Retail failures doubled last year amid cost crisis
Twice as many retailers went bust last year than in the previous 12 months as they failed to cope with rising costs, supply chain disruptions and falling consumer demand.
New data reveals there were 96% more filings for insolvency (100 appointments) in the retail sector in comparison to 2021, and 67% (70 appointments) more in the leisure & hospitality sector.
High profile casualties included Joules, AMT Coffee, M&Co and Byron Burger.
Retail growth continued to slow last month with total sales rising 4.2% in January compared to December’s annual growth rate of 6.9%. The British Retail Consortium attributed much of the rise to high inflation pushing up the value of goods being sold, masking weaker sales volumes.
Alistair McAlinden, head of Interpath Advisory in Scotland, commented: “Businesses in the retail and casual dining space continue to face one challenge after another – from rising input costs and interest rate rises, to supply chain disruption and staff shortages, not forgetting falling consumer spend due to the spiralling cost of living.
“Many are also finding that they have surplus stock on their hands, as demand has dampened and inventory levels have continued to rise.”
More encouragingly, the number of companies filing for administration in Scotland fell by a quarter (26%) in 2022 top 32 from 43 in 2021. There were three administrations last month compared to six in December.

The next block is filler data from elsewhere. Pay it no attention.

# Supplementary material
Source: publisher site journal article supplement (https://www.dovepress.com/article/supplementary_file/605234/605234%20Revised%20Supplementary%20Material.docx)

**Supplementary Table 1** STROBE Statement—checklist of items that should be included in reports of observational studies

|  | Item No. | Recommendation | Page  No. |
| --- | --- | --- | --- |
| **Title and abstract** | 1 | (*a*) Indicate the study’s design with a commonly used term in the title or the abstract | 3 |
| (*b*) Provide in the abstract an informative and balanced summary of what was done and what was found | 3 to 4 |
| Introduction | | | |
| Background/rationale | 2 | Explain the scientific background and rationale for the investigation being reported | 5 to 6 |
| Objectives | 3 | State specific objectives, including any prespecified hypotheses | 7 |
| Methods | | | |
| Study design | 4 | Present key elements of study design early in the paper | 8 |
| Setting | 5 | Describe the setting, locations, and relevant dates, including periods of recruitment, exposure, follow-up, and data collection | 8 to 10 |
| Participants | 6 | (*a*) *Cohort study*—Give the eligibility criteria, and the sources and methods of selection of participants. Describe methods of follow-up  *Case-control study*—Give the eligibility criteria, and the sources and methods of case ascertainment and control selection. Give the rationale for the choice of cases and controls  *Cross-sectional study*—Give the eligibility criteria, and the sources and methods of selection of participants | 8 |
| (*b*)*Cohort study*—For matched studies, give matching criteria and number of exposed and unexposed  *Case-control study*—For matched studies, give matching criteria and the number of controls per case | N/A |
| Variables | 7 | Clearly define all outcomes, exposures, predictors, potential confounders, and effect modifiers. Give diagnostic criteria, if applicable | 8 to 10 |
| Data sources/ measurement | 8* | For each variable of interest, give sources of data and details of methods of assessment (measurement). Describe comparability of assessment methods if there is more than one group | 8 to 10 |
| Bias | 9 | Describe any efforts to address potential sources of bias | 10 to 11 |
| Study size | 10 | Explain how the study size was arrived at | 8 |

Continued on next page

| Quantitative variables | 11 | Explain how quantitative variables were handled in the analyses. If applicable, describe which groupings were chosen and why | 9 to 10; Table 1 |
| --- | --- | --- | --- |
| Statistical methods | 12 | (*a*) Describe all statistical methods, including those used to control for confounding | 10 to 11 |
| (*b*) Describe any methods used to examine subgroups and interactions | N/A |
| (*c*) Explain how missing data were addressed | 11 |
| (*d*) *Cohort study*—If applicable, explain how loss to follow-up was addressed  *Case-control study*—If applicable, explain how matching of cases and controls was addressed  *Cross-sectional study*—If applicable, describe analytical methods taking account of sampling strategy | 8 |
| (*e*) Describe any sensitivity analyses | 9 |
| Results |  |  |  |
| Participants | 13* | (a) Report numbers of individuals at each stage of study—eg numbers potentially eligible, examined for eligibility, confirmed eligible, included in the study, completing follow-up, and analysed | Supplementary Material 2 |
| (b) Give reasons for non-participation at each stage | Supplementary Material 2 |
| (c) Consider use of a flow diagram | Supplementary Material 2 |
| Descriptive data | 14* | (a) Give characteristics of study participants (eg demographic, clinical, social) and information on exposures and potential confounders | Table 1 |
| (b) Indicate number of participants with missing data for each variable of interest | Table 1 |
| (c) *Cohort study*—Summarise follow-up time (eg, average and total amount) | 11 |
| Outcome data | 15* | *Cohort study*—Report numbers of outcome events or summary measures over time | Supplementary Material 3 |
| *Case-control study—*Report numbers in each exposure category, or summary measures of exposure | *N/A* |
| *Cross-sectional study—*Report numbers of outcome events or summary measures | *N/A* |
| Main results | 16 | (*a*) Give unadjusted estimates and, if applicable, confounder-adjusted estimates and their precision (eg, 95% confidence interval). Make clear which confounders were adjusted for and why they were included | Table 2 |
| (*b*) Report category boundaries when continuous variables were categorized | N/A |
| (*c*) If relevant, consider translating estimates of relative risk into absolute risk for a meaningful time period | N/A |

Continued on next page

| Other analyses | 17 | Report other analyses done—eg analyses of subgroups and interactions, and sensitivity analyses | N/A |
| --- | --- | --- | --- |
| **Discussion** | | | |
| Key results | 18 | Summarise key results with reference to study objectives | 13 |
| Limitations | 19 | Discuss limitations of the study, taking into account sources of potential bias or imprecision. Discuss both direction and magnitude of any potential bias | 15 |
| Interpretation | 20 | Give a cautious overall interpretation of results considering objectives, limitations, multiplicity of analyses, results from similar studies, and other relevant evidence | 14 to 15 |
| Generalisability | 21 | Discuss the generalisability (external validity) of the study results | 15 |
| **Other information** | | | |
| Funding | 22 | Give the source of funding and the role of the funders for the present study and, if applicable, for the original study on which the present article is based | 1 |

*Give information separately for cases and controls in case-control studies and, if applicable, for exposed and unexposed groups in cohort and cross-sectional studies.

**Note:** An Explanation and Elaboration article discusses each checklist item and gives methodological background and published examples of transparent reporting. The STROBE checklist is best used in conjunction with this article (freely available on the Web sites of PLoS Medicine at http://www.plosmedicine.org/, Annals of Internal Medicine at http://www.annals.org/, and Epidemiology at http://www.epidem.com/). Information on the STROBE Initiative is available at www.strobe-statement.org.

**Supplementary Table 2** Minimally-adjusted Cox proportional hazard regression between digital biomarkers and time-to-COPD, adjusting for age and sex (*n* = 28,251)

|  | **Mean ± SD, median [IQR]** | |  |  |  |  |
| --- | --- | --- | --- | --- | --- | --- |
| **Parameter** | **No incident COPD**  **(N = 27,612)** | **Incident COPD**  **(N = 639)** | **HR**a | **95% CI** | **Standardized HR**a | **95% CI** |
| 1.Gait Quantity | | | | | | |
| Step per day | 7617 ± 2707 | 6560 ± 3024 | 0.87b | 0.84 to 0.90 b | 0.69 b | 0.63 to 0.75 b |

This does not reflect the UK picture, however, which saw a total of 1,039 companies fall into administration in 2022 – up from 710 companies in 2021, but nevertheless still well below pre-pandemic levels of 1,422 in 2019 and 1,337 in 2018.
Looking ahead, he said lenders would seek more covenants, as well as tighter definitions and reduced flexibility on key terms.
“We are also seeing lenders take tougher stances on underperforming assets, having difficult conversations earlier on,” he said.
“So, as the market starts to tighten, we expect to see more administrations.”
Whilst the lower level of administrations in Scotland is welcome news, concerns remain that Scottish businesses are still battling against a number of external pressures.
Blair Nimmo, chief executive of Interpath Advisory, said: “Last year came as a body blow for many businesses who had been hoping for a year of respite following two years’ of disruption caused by the pandemic.
“Instead, spiralling inflation, rising interest rates, faltering consumer confidence, political turbulence and weaker cross-border trade served to pile on even more pressure.
“And despite figures released by the Office for National Statistics confirming that the UK economy grew by 0.1 % in November, the longer-term outlook remains highly uncertain and rather gloomy.”